Technique of nerve stimulation


Peripheral nerves are comprised of thousands of nerve fibres; they contain either sensory or motor fibres of the somatic and autonomic nervous systems, but sometimes both in combination. Electrical impulses reaching a nerve, when they exceed a specific threshold stimulus current (rheobase), trigger depolarisation of the neuron membrane, thereby inducing transmission of excitation along the nerve fibres. If the nerve contains motor fibres, the electrical current will induce contractions at the effector muscle. If these stimuli are induced on sensory fibres, they cause paraesthesia in the distribution of the nerve. This underlying principle of electrical nerve stimulation is utilised in peripheral regional anaesthesia.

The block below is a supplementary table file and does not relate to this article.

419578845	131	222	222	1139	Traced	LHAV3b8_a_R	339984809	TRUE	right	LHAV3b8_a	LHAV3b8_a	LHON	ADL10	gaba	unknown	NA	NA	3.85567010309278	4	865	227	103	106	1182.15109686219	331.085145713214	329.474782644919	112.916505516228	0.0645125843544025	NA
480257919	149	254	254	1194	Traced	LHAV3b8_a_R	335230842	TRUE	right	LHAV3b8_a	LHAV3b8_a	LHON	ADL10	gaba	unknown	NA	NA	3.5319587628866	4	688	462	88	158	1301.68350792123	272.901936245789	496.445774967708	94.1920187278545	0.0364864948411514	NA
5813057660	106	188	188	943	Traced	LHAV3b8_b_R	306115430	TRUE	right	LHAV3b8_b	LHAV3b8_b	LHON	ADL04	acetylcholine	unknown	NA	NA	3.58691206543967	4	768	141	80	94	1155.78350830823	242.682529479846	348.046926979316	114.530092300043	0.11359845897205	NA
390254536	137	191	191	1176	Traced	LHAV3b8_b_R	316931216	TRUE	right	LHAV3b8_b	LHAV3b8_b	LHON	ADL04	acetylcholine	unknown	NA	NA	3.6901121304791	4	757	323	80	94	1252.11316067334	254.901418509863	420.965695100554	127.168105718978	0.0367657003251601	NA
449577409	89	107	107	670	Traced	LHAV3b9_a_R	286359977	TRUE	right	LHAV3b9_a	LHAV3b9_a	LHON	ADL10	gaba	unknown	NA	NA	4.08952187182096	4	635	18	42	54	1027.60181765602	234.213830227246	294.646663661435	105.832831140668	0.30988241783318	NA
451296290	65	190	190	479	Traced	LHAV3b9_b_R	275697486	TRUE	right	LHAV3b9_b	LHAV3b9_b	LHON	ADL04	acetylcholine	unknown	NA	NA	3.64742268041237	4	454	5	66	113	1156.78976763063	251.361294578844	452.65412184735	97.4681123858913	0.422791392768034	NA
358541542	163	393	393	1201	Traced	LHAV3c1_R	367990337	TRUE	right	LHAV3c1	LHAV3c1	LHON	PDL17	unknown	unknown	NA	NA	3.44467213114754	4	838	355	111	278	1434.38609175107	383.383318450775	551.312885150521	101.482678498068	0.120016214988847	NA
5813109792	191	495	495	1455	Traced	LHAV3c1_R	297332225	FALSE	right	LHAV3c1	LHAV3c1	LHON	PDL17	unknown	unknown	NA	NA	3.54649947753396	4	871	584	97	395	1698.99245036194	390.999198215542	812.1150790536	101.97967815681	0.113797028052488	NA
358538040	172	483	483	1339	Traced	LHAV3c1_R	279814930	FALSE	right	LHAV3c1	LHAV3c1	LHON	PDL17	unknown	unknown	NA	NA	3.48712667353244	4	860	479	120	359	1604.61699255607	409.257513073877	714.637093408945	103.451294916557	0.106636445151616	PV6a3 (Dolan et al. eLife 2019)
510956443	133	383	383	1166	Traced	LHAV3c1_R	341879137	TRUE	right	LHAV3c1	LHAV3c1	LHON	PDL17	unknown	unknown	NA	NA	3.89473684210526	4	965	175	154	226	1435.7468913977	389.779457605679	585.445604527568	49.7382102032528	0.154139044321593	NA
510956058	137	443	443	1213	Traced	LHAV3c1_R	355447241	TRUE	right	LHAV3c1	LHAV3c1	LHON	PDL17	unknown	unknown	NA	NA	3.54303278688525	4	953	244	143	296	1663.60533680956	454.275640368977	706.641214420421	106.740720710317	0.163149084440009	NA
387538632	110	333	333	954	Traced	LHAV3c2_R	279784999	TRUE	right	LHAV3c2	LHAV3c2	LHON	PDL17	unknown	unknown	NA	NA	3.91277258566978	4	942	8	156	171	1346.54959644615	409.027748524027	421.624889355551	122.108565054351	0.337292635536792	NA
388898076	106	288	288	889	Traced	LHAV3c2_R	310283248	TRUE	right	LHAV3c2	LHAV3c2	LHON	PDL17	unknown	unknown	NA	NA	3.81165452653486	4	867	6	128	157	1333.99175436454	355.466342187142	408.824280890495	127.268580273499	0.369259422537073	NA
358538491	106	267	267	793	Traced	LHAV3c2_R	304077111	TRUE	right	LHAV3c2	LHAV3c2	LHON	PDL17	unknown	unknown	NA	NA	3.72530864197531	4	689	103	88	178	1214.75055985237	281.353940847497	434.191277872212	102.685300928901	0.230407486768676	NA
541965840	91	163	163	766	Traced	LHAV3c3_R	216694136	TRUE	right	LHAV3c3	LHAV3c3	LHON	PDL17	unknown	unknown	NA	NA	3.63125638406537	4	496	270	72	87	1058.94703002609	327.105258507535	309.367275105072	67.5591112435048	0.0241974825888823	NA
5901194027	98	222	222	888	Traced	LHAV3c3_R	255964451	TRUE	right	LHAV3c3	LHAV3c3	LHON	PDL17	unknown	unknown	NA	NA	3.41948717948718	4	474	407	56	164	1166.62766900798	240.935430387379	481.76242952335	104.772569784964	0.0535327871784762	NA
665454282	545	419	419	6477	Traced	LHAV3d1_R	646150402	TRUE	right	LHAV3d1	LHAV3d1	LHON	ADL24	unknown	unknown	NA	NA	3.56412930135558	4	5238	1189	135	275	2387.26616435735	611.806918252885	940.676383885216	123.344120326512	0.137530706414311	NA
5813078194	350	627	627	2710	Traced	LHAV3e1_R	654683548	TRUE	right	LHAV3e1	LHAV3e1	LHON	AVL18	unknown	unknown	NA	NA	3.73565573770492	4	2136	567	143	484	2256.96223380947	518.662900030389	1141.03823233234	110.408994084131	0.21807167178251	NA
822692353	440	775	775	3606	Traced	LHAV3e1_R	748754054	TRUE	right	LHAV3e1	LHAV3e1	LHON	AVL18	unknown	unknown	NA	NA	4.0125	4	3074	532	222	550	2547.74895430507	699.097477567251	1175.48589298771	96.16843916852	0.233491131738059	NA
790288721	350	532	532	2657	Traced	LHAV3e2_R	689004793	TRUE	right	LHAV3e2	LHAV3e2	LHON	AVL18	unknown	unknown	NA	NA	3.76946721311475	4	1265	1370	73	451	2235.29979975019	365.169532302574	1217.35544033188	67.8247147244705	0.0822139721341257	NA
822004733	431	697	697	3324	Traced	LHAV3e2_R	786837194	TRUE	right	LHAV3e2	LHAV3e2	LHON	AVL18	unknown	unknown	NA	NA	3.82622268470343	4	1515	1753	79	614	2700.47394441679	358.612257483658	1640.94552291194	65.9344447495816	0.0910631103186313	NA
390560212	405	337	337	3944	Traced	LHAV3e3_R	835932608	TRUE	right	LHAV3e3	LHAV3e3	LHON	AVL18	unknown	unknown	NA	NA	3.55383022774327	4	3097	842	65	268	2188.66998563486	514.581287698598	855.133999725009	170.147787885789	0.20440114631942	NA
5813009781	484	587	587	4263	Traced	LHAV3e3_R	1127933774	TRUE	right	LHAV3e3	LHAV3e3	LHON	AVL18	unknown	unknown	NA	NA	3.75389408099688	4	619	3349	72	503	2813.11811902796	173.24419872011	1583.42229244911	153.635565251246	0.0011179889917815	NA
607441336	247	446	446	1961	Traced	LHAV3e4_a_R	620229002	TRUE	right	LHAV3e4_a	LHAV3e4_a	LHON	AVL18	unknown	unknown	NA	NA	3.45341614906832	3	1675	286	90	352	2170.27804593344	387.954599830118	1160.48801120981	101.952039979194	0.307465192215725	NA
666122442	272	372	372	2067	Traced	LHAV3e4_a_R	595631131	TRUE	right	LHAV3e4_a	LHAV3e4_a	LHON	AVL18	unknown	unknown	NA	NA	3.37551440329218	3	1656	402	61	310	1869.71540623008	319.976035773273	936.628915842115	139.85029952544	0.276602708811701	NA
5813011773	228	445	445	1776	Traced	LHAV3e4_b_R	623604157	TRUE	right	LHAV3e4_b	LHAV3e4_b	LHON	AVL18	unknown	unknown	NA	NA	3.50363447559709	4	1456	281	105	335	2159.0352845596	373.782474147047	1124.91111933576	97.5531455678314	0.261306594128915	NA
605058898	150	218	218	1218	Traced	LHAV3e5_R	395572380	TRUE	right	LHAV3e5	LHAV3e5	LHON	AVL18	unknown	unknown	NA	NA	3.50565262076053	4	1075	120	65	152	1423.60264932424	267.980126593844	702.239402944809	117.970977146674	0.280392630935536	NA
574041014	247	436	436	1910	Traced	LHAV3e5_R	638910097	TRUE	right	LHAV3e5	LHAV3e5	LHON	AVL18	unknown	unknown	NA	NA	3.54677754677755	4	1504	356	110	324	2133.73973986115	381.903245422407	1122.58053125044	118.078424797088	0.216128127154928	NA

Nerve fibres can be divided into different classes which are based on myelination, nerve conduction velocity and function. Chronaxie, the duration of the stimulus required at twice the maximum rheobase strength to cause depolarisation of the neuron membrane, is used as a measure of the excitability threshold for different types of nerve tissue, i.e. it indicates the duration of an effective electrical stimulus required to elicit a response. Stimulation of selective motor and sensory fibres occurs when the duration of the stimulus current (pulse duration) is within chronaxie.